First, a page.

Jimmy Carter, who's been working for decades to eradicate Guinea worm disease, says only 25 human cases of the illness were reported worldwide in 2016. When the Carter Center joined the battle to eliminate Guinea worm disease in the mid-1980s, there were about 3.5 million cases in 21 countries, the former president said Wednesday. For the first time, Mali reported no cases of the tropical disease, leaving cases in just three countries: Chad, Ethiopia, and South Sudan, the AP reports. The majority of these—16—were reported in Chad, Carter said at a news conference in Atlanta. Diseases such as Guinea worm were once considered uncontrollable. Now, health officials know, "they can be eliminated, they can be eradicated," Carter said. "And we can prove that by the progress that we've made."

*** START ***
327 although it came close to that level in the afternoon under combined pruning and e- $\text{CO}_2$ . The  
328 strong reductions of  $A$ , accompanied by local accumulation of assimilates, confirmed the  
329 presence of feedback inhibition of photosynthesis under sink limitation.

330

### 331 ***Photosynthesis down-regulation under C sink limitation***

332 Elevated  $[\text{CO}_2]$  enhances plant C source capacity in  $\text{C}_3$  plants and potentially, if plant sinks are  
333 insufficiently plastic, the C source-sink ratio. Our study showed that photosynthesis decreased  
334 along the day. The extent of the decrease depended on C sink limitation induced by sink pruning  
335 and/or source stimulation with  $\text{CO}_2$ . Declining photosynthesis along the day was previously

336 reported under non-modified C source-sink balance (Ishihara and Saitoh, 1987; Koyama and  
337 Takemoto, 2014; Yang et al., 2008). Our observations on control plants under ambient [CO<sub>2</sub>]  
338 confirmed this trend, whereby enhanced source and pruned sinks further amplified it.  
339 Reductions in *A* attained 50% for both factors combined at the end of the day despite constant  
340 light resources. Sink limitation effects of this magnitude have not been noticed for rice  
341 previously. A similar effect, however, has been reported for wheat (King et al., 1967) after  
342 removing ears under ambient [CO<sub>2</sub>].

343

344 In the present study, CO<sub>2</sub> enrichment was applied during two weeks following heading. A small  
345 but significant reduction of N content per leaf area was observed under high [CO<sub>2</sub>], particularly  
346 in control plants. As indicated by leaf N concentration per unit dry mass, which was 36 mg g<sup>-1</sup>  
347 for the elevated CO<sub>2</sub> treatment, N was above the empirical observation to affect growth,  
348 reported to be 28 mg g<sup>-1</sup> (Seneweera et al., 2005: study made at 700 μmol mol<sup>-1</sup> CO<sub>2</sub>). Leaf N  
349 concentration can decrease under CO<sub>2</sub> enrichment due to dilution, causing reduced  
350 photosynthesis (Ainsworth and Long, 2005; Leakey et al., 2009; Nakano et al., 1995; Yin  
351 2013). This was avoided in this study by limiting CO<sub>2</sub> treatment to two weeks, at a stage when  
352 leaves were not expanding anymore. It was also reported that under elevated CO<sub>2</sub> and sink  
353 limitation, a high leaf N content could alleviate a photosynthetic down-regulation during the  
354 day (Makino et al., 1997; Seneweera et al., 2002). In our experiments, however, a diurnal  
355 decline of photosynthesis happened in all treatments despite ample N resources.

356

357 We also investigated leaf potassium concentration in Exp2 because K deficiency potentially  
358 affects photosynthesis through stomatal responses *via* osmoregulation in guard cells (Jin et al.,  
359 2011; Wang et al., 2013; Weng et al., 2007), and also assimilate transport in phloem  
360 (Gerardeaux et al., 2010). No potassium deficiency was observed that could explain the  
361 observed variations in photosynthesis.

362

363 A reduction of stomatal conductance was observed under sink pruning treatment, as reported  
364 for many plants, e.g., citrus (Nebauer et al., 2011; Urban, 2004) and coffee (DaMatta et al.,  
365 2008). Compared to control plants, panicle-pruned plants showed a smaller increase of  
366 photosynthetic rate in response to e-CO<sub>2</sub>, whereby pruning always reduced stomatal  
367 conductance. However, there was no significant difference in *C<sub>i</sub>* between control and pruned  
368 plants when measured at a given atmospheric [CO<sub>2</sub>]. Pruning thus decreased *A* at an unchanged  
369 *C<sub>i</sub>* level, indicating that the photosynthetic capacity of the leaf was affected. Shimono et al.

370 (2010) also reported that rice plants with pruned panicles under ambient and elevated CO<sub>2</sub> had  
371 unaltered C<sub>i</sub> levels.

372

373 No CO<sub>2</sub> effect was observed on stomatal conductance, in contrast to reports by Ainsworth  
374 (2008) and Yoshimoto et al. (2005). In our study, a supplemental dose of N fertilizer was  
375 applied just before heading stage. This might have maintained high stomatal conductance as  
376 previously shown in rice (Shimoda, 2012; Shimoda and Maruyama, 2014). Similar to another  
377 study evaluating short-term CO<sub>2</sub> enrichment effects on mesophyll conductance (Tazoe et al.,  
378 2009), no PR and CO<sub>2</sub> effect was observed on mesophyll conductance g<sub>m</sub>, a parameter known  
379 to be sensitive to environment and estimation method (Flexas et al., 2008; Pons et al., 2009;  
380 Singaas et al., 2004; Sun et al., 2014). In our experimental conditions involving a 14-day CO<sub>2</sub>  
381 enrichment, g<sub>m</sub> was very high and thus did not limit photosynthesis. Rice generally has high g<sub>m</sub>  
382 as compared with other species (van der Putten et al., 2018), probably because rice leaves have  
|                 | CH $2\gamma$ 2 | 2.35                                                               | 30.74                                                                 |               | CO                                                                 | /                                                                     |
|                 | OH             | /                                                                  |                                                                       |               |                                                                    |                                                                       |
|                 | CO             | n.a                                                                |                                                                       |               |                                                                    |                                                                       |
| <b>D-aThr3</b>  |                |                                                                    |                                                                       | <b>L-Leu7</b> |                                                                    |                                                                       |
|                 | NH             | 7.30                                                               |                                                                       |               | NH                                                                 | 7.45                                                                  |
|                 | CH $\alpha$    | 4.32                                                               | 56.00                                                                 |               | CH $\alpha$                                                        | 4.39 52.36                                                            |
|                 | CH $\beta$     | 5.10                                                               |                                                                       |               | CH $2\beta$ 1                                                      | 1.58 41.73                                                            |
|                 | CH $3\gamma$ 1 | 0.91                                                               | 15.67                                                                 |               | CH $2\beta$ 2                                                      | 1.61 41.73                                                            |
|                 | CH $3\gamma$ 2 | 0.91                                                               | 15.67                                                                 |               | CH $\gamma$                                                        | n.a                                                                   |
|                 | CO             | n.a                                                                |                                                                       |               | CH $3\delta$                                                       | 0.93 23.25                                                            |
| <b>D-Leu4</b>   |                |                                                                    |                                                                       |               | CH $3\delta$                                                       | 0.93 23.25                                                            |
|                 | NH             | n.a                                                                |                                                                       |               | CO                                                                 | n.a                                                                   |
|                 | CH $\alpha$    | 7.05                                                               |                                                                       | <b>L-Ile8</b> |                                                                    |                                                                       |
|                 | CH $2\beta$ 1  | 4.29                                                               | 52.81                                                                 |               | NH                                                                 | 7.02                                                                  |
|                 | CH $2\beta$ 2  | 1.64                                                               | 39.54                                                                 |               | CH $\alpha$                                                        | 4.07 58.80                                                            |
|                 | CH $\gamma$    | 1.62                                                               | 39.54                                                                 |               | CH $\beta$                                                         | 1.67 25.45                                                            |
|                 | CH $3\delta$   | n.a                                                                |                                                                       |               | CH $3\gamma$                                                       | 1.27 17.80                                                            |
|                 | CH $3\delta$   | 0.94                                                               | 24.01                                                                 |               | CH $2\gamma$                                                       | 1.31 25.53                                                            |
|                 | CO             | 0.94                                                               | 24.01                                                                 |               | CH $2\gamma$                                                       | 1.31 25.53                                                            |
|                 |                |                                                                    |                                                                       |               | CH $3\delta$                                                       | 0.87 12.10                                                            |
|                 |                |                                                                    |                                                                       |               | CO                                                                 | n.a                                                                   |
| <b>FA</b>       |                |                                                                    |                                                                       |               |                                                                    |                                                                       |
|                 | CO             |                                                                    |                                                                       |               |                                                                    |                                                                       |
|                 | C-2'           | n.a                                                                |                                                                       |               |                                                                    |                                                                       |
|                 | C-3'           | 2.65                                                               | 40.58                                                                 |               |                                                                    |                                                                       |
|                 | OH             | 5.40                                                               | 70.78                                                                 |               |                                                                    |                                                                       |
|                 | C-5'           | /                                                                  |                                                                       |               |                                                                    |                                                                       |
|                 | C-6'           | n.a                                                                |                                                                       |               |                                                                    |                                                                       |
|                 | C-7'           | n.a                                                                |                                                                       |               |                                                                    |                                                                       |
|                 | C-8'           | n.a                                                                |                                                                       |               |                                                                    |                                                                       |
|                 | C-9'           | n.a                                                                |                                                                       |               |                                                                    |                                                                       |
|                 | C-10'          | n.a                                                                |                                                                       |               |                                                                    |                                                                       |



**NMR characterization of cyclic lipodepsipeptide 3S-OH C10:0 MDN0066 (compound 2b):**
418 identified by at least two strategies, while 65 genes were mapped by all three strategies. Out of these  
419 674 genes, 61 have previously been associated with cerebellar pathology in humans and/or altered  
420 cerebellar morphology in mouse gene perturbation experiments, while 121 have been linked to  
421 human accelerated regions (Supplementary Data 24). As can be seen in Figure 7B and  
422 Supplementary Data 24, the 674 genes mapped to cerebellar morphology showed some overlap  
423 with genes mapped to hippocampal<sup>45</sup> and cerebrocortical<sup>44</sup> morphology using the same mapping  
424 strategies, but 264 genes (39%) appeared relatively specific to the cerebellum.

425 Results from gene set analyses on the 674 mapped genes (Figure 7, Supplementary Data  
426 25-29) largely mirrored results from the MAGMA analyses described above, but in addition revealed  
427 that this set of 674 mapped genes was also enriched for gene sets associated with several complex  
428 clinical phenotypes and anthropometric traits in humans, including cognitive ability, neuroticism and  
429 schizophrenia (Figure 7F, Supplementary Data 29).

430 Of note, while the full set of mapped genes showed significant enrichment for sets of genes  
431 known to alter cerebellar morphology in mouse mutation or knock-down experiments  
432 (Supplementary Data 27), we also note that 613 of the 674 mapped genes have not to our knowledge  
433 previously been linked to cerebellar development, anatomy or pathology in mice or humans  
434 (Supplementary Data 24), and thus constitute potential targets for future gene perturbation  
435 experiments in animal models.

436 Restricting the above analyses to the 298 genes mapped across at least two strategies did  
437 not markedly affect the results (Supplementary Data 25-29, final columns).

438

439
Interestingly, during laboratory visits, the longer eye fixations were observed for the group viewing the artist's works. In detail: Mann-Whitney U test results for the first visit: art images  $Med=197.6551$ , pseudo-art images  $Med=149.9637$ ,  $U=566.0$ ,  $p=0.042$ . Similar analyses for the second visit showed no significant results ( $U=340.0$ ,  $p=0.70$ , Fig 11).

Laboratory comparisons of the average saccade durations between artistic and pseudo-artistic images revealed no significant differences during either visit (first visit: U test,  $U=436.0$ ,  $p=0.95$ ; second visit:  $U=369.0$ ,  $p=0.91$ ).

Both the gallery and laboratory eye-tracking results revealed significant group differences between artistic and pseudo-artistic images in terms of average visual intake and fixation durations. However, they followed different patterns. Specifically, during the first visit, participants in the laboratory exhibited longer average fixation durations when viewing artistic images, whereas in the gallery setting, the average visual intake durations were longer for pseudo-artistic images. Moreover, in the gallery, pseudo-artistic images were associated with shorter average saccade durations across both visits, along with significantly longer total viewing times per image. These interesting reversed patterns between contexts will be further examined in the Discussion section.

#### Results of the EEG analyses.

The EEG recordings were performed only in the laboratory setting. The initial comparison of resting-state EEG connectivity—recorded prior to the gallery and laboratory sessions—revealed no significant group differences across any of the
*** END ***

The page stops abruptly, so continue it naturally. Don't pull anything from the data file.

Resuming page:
The illness often spreads when people drink water contaminated with the worm's larvae. The worm grows to about 3 feet long inside the body, slowly emerging through a painful blister. Teaching people to filter water is a key strategy to fight it, as is encouraging people to cook their fish and stop throwing raw fish guts to dogs, which may spread the disease. "That's one of the challenges—that one size does not fit all with this problem," notes Dr. Donald Hopkins, the center's special adviser for Guinea worm eradication. The fact that there were no reported cases in Mali is a significant milestone toward the goal of wiping out the disease, he adds. From a logistical standpoint, it's easier to monitor cases in three countries instead of four. Hopkins said that in theory, the disease could be eliminated within the next year or so.